Companies have new reason to staff up and empower internal audit departments after the U.S. Department of Justice issued new guidance on how its prosecutors should evaluate corporate compliance programs.

In “The Evaluation of Corporate Compliance Programs,” the DOJ tells prosecutors to, among other things, assess whether internal audit functions are conducted “at a level sufficient to ensure their independence and accuracy.” That should serve as an indicator to prosecutors of whether compliance personnel “are in fact empowered and positioned” to effectively detect and prevent misconduct, the guidance says.

The DOJ’s guidance is meant to signal to companies how their compliance efforts will be regarded by prosecutors if or when misconduct is discovered. That will help prosecutors determine whether to give companies some credit for at least trying to do the right thing, even if their policies and programs failed to deter or detect wrongdoing.

With respect specifically to internal audit, the DOJ guidance also tells prosecutors to assess the process the company uses for determining where and how frequently internal audit will undertake any given audit along with the rationale behind the process. “How are audits carried out?” the guidance asks. “What types of audits would have identified issues relevant to the misconduct?”

Prosecutors should further consider what audits occurred, what they uncovered, what kinds of audit findings and remediation activities have been reported to the board on a regular basis, how management and the board have responded, and how often internal audit conducts assessments in high-risk area.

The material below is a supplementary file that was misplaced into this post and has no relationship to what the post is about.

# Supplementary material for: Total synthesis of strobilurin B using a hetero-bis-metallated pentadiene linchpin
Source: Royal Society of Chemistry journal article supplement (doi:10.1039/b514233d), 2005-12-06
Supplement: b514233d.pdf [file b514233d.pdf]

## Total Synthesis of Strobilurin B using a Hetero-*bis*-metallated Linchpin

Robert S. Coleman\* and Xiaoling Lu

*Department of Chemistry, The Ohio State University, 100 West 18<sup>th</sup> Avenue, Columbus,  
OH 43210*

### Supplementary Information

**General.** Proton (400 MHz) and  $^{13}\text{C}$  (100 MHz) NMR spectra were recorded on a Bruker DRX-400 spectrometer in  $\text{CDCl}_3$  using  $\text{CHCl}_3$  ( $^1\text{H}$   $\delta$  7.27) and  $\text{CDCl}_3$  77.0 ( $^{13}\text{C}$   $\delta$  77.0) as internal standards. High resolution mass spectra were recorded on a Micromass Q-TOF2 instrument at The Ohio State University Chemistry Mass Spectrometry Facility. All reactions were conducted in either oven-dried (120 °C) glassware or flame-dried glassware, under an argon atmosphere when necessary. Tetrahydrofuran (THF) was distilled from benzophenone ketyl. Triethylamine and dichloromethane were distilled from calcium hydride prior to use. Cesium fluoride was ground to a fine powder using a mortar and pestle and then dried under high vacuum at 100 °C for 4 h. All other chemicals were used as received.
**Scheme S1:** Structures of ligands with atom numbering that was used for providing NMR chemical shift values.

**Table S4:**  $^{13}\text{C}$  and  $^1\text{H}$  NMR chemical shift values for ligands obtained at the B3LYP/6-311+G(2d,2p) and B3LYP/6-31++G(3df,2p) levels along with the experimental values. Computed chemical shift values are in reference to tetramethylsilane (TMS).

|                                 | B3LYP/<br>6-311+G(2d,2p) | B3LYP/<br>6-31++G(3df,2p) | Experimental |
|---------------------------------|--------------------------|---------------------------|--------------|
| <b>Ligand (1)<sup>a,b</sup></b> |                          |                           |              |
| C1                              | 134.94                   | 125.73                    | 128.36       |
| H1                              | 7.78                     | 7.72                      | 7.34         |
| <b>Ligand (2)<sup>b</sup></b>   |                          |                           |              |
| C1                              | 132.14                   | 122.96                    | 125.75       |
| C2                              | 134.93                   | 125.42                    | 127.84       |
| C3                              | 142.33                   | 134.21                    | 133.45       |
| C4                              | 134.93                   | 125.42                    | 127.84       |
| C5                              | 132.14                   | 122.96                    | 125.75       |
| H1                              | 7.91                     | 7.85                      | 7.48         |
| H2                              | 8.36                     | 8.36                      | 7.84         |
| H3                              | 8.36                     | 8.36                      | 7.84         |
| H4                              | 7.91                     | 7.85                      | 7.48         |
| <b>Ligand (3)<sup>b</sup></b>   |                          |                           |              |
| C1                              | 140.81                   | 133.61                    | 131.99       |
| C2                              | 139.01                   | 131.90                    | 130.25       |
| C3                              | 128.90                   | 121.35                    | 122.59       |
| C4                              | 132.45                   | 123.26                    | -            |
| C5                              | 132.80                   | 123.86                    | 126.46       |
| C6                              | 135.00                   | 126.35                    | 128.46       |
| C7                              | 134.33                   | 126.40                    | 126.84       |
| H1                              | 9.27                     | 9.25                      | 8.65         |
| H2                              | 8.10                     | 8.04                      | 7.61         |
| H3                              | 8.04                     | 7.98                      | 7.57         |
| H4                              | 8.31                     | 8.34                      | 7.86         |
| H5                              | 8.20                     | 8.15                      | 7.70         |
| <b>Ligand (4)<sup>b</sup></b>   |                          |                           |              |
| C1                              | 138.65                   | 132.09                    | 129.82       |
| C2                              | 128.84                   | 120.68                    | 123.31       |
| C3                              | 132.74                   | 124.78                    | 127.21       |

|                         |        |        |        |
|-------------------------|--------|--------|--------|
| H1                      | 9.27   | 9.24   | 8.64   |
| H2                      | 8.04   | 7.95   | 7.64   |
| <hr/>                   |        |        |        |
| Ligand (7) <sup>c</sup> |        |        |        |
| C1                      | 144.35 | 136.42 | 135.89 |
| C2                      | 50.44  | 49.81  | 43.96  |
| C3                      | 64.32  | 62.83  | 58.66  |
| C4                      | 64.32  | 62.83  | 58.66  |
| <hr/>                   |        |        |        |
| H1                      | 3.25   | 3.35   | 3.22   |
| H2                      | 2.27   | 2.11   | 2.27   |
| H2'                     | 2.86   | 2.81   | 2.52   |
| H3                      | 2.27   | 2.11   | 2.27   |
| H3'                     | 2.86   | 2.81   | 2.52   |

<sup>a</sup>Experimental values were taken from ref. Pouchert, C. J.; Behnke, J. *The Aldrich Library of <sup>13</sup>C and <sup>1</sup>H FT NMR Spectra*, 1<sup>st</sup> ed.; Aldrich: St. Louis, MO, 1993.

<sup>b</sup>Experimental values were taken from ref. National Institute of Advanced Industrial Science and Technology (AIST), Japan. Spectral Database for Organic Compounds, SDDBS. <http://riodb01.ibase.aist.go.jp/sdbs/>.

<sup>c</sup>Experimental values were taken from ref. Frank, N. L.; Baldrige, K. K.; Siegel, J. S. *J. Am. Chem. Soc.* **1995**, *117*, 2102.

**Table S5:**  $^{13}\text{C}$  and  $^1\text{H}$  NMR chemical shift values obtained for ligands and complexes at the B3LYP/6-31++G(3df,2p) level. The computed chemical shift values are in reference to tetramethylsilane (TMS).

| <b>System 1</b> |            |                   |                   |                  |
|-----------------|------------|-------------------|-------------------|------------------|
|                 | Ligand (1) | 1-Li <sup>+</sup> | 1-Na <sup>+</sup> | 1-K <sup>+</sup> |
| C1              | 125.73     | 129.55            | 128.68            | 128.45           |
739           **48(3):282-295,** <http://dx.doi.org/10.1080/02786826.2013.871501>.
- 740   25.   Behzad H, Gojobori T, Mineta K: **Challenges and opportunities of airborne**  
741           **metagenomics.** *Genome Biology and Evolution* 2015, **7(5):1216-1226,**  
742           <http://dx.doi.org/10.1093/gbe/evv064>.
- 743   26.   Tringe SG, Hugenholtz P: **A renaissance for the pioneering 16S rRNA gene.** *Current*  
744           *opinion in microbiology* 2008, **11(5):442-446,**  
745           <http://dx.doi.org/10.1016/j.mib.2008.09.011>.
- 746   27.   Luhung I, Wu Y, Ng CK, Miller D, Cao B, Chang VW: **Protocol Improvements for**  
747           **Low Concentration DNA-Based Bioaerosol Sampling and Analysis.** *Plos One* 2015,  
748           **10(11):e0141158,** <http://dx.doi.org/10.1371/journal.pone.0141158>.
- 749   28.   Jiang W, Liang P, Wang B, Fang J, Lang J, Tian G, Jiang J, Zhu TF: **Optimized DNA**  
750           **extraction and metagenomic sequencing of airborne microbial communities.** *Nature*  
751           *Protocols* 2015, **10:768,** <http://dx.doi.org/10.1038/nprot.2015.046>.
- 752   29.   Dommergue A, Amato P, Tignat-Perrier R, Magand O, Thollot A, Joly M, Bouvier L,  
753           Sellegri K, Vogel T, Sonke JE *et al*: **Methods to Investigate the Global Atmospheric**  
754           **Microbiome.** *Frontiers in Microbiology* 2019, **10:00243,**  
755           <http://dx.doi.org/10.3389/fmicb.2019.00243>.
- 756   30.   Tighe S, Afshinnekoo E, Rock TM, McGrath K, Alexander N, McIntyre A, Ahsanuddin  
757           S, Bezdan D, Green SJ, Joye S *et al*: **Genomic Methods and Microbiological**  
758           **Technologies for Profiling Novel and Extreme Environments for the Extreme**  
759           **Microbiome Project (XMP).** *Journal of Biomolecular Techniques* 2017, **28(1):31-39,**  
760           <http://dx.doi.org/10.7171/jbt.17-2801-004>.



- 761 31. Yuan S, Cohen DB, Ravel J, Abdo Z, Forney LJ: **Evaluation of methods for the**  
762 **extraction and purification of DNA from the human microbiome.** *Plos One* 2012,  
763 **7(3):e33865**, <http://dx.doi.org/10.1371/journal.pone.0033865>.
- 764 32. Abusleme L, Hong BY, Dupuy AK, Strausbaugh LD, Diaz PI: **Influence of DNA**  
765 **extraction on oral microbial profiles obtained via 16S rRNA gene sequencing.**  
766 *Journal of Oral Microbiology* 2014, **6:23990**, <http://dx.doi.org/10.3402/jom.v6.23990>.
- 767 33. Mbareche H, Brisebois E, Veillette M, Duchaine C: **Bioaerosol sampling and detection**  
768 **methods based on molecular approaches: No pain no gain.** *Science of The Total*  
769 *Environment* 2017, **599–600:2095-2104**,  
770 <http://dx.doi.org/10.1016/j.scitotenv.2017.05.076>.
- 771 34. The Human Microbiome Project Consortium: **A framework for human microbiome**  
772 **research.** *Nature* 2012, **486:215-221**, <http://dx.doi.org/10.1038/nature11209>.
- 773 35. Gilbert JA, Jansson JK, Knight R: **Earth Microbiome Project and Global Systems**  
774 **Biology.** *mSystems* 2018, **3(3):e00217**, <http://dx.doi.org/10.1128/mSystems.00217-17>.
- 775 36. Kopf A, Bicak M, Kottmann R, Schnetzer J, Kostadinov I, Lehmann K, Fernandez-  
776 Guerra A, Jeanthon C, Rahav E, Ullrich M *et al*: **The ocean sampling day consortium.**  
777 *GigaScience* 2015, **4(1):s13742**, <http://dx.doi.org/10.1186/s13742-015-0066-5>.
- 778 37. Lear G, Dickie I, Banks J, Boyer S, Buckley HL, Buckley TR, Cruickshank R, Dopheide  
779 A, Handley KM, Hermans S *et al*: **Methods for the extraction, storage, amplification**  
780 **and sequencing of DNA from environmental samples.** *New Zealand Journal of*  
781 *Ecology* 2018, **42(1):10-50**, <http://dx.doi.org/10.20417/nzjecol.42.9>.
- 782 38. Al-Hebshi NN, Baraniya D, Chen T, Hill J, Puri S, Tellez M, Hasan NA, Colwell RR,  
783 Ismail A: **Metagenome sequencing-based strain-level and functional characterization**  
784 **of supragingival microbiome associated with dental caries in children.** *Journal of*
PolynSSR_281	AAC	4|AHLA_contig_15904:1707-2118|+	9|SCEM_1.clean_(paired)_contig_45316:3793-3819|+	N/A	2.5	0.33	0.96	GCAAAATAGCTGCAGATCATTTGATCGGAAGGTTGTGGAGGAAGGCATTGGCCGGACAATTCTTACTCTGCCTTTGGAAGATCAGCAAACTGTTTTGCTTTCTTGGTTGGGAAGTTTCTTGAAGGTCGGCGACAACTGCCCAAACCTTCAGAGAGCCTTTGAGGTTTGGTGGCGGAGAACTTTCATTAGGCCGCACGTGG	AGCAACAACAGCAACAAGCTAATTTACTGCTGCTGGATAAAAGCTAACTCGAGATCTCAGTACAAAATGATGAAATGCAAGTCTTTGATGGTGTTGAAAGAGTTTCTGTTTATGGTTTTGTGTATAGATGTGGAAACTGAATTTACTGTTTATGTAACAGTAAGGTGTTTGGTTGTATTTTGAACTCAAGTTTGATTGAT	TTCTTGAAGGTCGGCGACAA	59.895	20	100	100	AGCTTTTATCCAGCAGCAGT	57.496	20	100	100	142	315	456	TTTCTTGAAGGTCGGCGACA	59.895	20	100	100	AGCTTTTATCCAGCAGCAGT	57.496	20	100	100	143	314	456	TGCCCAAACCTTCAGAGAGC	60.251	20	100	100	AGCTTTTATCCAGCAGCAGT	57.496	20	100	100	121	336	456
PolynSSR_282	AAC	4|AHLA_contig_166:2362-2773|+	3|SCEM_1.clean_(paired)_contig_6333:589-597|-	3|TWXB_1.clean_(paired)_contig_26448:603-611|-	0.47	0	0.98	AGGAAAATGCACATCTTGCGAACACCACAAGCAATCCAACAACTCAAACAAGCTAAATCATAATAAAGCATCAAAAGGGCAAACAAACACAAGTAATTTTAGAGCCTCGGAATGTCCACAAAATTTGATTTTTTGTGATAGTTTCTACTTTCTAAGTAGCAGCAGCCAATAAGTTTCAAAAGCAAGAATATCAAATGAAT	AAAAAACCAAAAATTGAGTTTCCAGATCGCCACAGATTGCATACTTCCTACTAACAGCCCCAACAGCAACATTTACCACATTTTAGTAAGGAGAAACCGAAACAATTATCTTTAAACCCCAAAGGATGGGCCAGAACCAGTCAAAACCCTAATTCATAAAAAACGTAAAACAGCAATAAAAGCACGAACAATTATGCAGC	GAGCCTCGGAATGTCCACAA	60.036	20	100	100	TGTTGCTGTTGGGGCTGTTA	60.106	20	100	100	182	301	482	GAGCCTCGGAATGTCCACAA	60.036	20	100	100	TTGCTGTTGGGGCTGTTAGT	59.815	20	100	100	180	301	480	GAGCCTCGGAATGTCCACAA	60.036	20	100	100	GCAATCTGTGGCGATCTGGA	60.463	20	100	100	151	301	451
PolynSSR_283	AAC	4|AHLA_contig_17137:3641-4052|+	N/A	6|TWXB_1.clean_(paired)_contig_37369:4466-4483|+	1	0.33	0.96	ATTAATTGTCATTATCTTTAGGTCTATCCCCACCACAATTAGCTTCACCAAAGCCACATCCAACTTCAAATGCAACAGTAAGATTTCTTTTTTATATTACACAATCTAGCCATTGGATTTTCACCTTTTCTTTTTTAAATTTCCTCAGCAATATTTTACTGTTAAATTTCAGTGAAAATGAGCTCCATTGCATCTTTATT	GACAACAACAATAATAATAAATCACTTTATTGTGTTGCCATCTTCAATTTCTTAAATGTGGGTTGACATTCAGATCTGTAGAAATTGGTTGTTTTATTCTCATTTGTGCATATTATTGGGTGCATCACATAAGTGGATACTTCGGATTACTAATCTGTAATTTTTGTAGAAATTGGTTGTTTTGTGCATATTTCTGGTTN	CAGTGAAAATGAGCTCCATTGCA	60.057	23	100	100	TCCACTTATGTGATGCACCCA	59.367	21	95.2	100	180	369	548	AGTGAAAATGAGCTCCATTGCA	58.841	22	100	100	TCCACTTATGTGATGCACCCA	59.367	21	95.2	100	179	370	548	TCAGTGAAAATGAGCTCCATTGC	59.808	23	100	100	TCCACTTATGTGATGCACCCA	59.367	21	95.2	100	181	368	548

Jim Pelletier, vice president of standards and professional knowledge at the Institute of Internal Auditors, says the latest DOJ guidance represents the first time federal prosecutors have specifically addressed the role of internal audit in corporate compliance. “The Department of Justice is recognizing the role internal audit plays when it comes to an investigatory, compliance program,” says Pelletier. “When they are looking at the potential bad activity in organizations, the guidance says here’s internal audit’s role.”

No law explicitly requires companies to have internal audit departments, except banking regulations that require entities in financial services to house internal audit functions. Internal audit became a significant force in helping companies comply with Sarbanes-Oxley, and some companies still regard internal audit’s role to be confined to financial and accounting controls, says Pelletier. “That really makes up a small piece of what internal audit is doing these days,” he says.

As an example, the IIA recently released a new paper reinforcing what internal audit provides to organizations around fraud risk. Internal auditors are expected by the profession to identify red flags, understand the characteristics of fraud and the techniques used to commit it, evaluate the indicators of fraud, and evaluate the effectiveness of controls to deter or detect fraud.

“If you’re a board member or a CEO, it’s important for you to understand internal audit is your independence assurance provider,” says Pelletier. “There are specific roles they need to play when it comes to assuring that fraud risk is being examined. In some organizations, internal audit may be underutilized.”